Sunday, June 29, 2014

2014 World Cup Sets Social Media Records

The past two weeks have drawn in social media users and sports fans alike with the 2014 World Cup in Brazil taking over TV screens, computers and phones.

The World Cup has been smashing social-media records, even outranking the 2012 London Summer Olympics. With its worldwide appeal and growing fan-base in America, soccer has taken over.

Facebook and Twitter have exploded over the past couple weeks with discussions of soccer and the tournament. From celebrities, to players, and of course all the fans, social media is being used to promote and spread support for the teams.

Because of the time difference, most games are played during working hours. This means more people are taking to their computers to "watch" the game; constantly updating Twitter for plays and scores. Interestingly, the United States Men's National Team's (USMNT) coach, Jurgen Klinsmann, posted a letter  on Twitter to excuse employees during Thursday's match against Germany. The Governor of New York, Andrew Cuomo, excused all state employees for an extra hour of lunch to watch the game.

Soccer has become increasingly more popular in the United States since the last World Cup in 2010, and with that so is the use of social media during the games.

Athletic brands like Nike and Adidas are taking advantage of the popularity by spending millions on gear for athletes and advertisements throughout the World Cup. They are even going head-to-head to see which brand is the most beloved. Although Adidas is the official game sponsor, Nike has proven to be a successful challenger in marketing.

It is clear to see that soccer is here to stay. Like any big event nowadays, social media plays a pivotal role. From marketing to live-streaming sites alike Twitter and Facebook are using their strengths to attract people to the games.

Here is FIFA's Twitter and Website for more information on the games!

Tuesday, June 3, 2014

Public Relations Standoff: Amazon v. Hachette

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Amazon and Hachette Publishing Group have gotten in a very public dispute over the last couple weeks. The companies are disputing e-book pricing, and the larger publishing world--mostly Amazon's role in it. So why does this matter? Essentially because of this dispute all of Hachette's books on Amazon are showing in fewer searches, not being sold entirely, have slower shipping speeds and pre-orders are being cancelled. Hachette is losing money because Amazon wants more control over the publisher to determine pricing and publication. This is a huge loss for Hachette if they cannot reach an agreement because Amazon sells 41 percent of all new books in the United States, both print and electronic.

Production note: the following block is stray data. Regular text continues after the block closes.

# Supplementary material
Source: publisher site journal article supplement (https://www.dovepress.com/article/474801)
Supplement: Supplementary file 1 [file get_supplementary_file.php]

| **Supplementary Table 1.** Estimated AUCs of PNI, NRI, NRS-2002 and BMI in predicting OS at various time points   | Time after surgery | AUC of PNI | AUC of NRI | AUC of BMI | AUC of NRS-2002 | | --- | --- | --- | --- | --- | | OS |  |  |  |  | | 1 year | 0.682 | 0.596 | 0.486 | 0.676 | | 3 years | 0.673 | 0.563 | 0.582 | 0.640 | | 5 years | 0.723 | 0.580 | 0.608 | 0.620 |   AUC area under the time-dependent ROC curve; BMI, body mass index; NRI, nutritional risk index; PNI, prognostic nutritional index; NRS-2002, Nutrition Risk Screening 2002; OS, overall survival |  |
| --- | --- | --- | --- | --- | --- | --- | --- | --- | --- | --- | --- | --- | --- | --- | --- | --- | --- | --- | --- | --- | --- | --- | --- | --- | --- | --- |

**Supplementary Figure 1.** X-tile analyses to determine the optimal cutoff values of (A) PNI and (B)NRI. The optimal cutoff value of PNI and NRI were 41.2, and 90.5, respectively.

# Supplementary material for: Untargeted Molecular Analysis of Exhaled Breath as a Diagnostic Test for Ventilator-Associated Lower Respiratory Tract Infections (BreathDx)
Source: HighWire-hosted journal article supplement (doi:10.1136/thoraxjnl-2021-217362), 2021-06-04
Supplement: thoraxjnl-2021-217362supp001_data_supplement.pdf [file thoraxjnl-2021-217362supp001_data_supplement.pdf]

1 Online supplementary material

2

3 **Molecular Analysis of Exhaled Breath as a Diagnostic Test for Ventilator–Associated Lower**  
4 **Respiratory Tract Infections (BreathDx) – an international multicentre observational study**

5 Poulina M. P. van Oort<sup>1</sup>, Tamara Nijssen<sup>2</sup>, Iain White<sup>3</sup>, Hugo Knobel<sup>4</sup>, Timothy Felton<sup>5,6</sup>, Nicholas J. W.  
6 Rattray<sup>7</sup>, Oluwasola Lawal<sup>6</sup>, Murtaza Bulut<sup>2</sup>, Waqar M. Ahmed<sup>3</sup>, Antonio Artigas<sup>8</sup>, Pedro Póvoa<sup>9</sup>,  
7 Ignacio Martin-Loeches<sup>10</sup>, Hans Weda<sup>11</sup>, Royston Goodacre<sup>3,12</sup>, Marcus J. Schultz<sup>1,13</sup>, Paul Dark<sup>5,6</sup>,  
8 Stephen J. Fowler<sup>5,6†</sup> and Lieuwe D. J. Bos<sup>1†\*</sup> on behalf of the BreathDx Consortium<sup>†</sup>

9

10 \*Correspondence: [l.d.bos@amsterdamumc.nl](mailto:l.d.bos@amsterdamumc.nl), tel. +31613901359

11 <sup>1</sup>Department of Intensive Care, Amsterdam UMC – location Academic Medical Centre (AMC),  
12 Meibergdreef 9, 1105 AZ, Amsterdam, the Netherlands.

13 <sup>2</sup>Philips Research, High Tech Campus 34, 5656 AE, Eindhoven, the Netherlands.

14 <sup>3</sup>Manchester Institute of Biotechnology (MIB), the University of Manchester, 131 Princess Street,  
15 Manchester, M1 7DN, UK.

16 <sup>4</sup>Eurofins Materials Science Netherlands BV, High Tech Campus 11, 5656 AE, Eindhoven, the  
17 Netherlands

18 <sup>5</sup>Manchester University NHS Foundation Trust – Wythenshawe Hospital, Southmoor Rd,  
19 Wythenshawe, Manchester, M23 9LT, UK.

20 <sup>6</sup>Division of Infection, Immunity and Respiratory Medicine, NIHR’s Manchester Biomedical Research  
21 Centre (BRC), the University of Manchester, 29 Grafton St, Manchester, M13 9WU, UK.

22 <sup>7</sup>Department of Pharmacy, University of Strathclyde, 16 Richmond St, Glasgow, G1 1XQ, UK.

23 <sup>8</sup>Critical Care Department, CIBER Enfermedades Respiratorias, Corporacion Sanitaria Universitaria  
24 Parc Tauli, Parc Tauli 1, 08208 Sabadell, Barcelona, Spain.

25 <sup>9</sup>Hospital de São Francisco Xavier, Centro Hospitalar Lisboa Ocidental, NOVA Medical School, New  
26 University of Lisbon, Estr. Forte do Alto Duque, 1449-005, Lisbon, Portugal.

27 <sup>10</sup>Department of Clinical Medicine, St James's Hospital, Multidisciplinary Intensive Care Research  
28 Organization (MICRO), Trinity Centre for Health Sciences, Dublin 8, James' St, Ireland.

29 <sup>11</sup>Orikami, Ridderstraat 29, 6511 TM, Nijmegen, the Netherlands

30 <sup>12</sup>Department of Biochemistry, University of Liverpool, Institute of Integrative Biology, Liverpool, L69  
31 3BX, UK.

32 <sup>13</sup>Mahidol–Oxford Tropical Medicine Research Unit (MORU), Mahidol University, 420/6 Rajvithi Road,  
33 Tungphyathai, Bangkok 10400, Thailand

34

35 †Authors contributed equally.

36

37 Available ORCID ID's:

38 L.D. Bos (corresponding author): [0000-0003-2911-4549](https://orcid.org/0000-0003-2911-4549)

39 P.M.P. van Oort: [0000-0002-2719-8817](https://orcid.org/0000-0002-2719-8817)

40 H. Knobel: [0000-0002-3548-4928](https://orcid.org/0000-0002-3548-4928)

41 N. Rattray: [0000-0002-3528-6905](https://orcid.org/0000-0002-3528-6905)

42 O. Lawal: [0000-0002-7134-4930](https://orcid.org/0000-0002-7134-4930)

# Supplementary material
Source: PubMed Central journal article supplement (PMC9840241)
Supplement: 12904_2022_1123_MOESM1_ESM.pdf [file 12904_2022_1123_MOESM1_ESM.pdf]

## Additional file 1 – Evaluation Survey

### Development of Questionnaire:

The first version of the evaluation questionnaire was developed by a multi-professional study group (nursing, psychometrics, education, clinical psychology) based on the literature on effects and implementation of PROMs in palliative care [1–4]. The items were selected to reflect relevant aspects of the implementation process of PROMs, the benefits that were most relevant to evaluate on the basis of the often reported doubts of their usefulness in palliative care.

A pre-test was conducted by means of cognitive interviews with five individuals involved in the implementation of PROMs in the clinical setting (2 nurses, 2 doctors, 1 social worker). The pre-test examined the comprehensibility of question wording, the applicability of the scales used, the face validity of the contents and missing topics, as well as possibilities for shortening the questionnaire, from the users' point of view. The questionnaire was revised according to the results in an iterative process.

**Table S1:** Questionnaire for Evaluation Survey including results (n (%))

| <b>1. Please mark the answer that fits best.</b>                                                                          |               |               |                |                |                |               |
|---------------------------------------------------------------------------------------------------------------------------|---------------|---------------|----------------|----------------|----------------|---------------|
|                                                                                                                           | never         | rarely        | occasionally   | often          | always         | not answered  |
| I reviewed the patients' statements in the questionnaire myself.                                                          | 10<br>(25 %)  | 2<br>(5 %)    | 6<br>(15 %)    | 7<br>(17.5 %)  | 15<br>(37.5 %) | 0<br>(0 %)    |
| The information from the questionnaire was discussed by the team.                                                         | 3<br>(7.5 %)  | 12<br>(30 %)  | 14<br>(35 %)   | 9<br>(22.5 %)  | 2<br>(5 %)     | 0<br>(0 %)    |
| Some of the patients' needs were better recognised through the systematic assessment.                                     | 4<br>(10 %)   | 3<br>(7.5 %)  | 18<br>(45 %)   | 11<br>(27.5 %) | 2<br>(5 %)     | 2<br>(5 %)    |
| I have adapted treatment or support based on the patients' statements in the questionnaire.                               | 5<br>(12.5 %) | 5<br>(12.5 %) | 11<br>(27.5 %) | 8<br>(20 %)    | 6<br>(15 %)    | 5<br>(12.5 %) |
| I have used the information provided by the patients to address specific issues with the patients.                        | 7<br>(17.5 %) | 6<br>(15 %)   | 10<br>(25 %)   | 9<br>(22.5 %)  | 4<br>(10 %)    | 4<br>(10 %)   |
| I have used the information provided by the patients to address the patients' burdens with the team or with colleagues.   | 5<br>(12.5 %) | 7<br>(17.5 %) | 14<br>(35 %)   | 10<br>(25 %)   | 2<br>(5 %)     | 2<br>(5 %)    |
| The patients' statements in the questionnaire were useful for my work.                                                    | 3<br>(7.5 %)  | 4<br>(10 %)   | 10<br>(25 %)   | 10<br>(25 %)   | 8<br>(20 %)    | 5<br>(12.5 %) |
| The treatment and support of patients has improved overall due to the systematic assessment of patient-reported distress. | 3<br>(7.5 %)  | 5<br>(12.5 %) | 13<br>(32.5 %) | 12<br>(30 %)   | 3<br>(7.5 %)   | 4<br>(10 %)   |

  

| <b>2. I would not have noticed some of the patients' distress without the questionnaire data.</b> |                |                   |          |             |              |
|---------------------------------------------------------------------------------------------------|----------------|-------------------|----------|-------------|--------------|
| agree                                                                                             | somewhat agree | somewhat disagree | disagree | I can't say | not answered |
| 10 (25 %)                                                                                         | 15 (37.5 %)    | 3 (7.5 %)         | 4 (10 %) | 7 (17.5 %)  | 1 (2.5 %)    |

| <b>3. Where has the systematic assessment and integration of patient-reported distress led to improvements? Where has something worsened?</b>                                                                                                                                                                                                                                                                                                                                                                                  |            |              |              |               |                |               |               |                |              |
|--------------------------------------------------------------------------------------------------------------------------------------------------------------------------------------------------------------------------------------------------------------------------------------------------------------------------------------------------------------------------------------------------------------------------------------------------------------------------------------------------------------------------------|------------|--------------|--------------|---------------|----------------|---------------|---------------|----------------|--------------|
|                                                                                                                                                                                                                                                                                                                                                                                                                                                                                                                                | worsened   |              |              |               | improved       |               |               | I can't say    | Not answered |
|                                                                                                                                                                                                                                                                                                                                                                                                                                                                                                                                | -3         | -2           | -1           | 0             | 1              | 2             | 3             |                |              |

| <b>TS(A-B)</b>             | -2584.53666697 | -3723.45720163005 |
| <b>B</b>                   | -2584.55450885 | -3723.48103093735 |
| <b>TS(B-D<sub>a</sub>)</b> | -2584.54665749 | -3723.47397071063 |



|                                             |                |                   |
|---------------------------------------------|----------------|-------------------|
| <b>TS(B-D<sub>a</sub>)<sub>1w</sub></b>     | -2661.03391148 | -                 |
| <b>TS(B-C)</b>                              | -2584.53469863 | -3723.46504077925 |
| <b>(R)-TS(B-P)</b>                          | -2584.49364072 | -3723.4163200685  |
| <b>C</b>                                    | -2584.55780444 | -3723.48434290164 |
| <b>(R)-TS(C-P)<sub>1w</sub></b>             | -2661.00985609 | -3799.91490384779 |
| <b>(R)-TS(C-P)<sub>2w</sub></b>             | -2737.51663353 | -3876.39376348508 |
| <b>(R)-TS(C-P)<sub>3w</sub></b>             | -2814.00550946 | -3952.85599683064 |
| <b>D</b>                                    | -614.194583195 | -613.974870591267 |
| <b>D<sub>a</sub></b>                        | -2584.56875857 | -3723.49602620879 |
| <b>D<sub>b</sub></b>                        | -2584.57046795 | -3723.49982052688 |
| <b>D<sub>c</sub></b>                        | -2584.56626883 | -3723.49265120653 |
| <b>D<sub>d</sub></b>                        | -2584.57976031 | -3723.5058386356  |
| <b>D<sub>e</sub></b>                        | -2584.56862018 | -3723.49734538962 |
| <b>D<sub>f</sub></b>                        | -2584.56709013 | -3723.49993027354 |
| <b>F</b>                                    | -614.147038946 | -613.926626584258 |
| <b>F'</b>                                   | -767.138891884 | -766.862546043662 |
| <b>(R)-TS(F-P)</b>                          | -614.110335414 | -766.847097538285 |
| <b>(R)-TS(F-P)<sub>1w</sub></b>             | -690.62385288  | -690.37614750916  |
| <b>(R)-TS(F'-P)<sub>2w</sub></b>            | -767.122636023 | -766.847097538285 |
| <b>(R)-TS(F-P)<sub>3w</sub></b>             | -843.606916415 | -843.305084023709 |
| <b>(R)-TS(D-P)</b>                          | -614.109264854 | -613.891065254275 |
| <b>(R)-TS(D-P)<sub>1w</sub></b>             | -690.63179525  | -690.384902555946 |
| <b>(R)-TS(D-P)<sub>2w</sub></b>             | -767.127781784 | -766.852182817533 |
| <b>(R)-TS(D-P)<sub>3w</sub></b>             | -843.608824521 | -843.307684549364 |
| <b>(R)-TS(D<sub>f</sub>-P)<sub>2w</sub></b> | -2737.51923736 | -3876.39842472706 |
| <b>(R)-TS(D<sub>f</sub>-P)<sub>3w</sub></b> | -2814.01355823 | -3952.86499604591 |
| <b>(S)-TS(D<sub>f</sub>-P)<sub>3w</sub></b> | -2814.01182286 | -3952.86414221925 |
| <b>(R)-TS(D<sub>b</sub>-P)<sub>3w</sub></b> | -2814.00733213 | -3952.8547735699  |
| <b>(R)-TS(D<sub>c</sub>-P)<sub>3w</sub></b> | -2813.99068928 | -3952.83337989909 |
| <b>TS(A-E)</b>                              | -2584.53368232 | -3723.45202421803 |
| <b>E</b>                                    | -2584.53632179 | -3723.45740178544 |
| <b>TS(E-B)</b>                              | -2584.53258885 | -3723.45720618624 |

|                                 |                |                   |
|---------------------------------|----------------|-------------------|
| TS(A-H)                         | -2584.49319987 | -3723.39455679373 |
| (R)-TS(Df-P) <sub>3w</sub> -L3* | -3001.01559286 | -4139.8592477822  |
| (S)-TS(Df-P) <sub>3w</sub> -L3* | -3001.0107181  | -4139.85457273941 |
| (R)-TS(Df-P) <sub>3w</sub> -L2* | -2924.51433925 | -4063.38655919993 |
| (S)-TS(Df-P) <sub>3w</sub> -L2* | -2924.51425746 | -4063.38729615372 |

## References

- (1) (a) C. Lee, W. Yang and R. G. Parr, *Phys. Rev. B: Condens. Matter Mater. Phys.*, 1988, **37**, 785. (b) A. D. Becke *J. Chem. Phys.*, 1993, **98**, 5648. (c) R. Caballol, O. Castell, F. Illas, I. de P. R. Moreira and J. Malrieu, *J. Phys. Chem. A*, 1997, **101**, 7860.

Hachette publishes big name authors like James Patterson and J.K. Rowling. None of Hachette's authors have commented to major news outlets, and the two companies have not commented either. Instead, Amazon is encouraging people to go to competitors while the dispute is being handled. In the end Amazon wants a bigger cut of the profits, but the seller can suffer a small sales loss because of their other products offered. Hachette on the other hand is losing an important supplier if disputes continue. According to an article in Forbes, "Amazon wants a bigger piece of its suppliers’ profit margins to purportedly pass on to its customers in the form of lower prices."
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The two companies are negotiating terms, but the effects of their dispute are very public. Customers are not happy, and this could effect how Amazon interacts with other publishers and suppliers. Although over the past couple days Amazon has released some of Hachette's titles, they are still losing profits while other mega-companies are profiting. The Huffington Post reported that, "Other retailers, including Walmart, Target and Barnes & Noble, have seized the standoff as an opportunity to one-up Amazon."

For now the dispute continues, but readers across America are hoping an agreement is reached soon so that they can receive their books at the price they are willing to pay. Amazon and Hachette have not done the best job of staying transparent, and their communication skills can be improved. Speculation is not a good reaction to negotiations, so Amazon and Hachette would be wise to release statements so that the press is not in the dark. 

How do you think Amazon and Hachette should have handled this problem?